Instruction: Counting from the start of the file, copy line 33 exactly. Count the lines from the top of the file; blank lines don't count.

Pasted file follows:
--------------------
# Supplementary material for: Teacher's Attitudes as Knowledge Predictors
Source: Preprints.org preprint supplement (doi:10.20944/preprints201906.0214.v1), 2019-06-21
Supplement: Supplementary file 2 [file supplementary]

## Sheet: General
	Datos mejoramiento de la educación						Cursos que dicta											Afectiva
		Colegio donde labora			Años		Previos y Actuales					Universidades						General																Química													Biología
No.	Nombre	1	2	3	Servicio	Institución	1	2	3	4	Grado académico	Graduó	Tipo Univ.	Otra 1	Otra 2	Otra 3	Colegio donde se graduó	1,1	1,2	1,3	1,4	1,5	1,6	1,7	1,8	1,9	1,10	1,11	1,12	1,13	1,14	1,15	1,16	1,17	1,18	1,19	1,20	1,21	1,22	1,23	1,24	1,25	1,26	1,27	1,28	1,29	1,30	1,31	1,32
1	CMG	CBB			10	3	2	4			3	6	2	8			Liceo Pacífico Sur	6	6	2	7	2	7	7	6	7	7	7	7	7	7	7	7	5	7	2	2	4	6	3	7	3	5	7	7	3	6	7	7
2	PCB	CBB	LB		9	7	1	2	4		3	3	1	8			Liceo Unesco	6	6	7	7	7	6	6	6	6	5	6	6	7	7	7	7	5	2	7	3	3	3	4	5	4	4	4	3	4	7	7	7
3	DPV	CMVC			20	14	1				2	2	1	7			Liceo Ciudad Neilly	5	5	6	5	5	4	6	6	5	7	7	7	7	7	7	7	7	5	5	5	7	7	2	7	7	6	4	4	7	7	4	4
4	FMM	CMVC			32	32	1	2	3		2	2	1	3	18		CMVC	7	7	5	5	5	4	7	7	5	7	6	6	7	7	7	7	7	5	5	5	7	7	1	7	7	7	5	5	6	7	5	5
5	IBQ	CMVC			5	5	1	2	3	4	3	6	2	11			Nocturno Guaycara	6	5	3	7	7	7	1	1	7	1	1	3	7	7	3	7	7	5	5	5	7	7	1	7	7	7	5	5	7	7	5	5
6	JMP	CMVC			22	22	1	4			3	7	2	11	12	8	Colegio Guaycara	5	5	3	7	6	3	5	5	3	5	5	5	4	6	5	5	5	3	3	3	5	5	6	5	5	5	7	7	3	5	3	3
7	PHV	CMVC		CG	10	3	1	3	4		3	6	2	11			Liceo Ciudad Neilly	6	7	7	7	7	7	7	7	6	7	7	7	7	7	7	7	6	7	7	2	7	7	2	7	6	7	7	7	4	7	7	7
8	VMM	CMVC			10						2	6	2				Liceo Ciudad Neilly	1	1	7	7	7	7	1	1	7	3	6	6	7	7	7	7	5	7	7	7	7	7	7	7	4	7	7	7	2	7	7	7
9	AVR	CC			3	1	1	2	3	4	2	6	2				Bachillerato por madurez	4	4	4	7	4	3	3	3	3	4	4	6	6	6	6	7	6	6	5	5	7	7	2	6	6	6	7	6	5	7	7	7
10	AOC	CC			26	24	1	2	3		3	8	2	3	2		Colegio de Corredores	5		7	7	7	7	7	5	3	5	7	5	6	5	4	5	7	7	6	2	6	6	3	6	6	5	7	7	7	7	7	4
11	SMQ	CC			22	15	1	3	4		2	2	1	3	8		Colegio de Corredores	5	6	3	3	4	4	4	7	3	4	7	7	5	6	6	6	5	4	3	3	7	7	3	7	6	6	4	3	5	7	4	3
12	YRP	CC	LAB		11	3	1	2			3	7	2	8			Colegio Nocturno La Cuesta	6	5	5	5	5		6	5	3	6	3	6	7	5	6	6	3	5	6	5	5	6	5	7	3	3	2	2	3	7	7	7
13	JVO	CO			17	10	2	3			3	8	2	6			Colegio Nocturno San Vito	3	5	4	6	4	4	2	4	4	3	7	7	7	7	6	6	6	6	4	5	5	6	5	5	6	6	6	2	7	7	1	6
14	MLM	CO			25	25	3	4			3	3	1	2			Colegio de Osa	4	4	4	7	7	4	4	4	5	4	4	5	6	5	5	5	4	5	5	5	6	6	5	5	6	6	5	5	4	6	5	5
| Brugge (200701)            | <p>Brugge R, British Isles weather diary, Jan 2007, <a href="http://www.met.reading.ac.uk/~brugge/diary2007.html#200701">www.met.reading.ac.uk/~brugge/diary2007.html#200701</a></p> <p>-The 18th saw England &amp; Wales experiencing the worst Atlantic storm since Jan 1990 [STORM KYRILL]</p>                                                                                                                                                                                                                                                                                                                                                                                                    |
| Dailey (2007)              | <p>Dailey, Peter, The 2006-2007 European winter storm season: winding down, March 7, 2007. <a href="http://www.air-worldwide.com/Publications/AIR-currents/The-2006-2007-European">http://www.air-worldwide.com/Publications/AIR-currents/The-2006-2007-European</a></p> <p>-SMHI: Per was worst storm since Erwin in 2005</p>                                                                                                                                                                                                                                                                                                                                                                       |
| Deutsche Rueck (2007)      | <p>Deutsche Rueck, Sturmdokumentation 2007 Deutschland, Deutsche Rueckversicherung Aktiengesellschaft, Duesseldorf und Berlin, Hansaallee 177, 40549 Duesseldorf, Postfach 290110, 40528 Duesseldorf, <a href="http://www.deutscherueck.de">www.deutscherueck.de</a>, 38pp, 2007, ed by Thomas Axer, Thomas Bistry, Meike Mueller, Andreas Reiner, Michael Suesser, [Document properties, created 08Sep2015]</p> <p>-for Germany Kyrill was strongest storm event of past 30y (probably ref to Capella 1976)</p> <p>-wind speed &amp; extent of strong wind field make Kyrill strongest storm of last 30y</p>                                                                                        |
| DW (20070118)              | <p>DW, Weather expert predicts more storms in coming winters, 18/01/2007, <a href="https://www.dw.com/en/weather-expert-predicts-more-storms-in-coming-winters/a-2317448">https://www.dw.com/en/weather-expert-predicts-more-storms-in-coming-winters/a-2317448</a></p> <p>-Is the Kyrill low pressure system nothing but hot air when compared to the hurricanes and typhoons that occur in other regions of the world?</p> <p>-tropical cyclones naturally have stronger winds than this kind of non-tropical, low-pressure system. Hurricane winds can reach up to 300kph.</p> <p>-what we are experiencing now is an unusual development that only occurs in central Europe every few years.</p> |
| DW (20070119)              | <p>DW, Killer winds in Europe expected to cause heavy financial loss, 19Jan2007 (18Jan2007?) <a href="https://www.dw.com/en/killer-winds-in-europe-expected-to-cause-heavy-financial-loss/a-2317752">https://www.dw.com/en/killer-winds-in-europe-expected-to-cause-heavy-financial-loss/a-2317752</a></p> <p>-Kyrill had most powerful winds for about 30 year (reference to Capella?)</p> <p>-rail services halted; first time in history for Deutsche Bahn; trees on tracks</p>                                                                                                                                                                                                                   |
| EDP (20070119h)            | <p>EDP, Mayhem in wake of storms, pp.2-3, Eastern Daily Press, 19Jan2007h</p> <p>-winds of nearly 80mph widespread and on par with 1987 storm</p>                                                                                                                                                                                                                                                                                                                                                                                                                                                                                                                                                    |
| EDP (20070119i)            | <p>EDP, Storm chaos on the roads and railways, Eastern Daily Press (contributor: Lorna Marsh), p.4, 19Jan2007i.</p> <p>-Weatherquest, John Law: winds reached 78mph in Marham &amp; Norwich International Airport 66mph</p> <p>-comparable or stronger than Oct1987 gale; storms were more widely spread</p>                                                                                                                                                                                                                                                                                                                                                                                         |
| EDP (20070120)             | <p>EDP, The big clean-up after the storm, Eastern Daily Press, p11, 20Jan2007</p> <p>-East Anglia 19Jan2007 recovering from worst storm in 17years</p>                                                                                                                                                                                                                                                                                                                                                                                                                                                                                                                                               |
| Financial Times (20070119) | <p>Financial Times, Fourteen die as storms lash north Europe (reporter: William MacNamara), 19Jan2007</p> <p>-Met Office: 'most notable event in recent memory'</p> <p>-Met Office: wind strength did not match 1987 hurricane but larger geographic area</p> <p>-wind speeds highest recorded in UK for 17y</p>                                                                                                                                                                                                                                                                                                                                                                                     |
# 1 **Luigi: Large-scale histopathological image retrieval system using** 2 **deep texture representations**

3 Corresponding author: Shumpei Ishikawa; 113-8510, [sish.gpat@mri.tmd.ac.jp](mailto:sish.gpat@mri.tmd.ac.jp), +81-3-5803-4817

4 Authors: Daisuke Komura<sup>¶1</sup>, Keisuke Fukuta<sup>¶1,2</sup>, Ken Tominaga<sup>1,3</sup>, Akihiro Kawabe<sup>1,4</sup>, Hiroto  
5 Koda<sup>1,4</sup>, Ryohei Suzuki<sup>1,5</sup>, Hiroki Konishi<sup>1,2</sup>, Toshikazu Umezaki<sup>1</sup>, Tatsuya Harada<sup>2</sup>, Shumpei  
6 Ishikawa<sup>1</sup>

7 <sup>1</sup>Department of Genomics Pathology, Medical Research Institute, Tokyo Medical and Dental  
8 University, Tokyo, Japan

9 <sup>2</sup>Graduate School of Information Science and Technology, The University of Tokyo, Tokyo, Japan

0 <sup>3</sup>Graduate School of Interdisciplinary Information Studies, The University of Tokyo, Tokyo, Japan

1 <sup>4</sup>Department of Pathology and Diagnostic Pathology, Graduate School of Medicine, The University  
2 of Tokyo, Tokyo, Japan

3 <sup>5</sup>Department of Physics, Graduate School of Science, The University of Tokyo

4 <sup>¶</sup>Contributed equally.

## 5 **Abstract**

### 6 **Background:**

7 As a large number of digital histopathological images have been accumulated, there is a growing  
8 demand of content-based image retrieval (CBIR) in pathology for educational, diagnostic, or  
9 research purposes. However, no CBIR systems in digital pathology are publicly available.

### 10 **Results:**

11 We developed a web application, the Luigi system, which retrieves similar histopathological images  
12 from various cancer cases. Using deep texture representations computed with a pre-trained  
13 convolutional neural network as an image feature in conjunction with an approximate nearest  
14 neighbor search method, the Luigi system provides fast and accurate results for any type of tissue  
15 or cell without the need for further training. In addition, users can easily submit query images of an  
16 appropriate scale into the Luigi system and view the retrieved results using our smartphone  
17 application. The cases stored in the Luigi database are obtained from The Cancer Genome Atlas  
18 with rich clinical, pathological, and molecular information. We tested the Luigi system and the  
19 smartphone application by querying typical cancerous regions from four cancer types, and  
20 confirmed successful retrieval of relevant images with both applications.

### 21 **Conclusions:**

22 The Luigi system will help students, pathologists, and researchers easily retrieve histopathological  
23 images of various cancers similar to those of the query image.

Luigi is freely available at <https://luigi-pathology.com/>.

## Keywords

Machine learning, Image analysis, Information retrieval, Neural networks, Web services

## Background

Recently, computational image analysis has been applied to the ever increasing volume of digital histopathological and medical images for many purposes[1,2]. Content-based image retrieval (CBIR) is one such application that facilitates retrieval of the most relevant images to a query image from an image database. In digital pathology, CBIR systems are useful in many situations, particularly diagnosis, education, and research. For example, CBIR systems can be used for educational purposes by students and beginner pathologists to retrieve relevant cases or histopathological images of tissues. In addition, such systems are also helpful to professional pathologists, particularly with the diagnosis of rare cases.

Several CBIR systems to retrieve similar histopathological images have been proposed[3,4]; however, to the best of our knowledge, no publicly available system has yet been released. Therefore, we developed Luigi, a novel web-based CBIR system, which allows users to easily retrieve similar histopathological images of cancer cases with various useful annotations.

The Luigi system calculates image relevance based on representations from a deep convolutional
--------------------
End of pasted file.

4 Authors: Daisuke Komura<sup>¶1</sup>, Keisuke Fukuta<sup>¶1,2</sup>, Ken Tominaga<sup>1,3</sup>, Akihiro Kawabe<sup>1,4</sup>, Hiroto  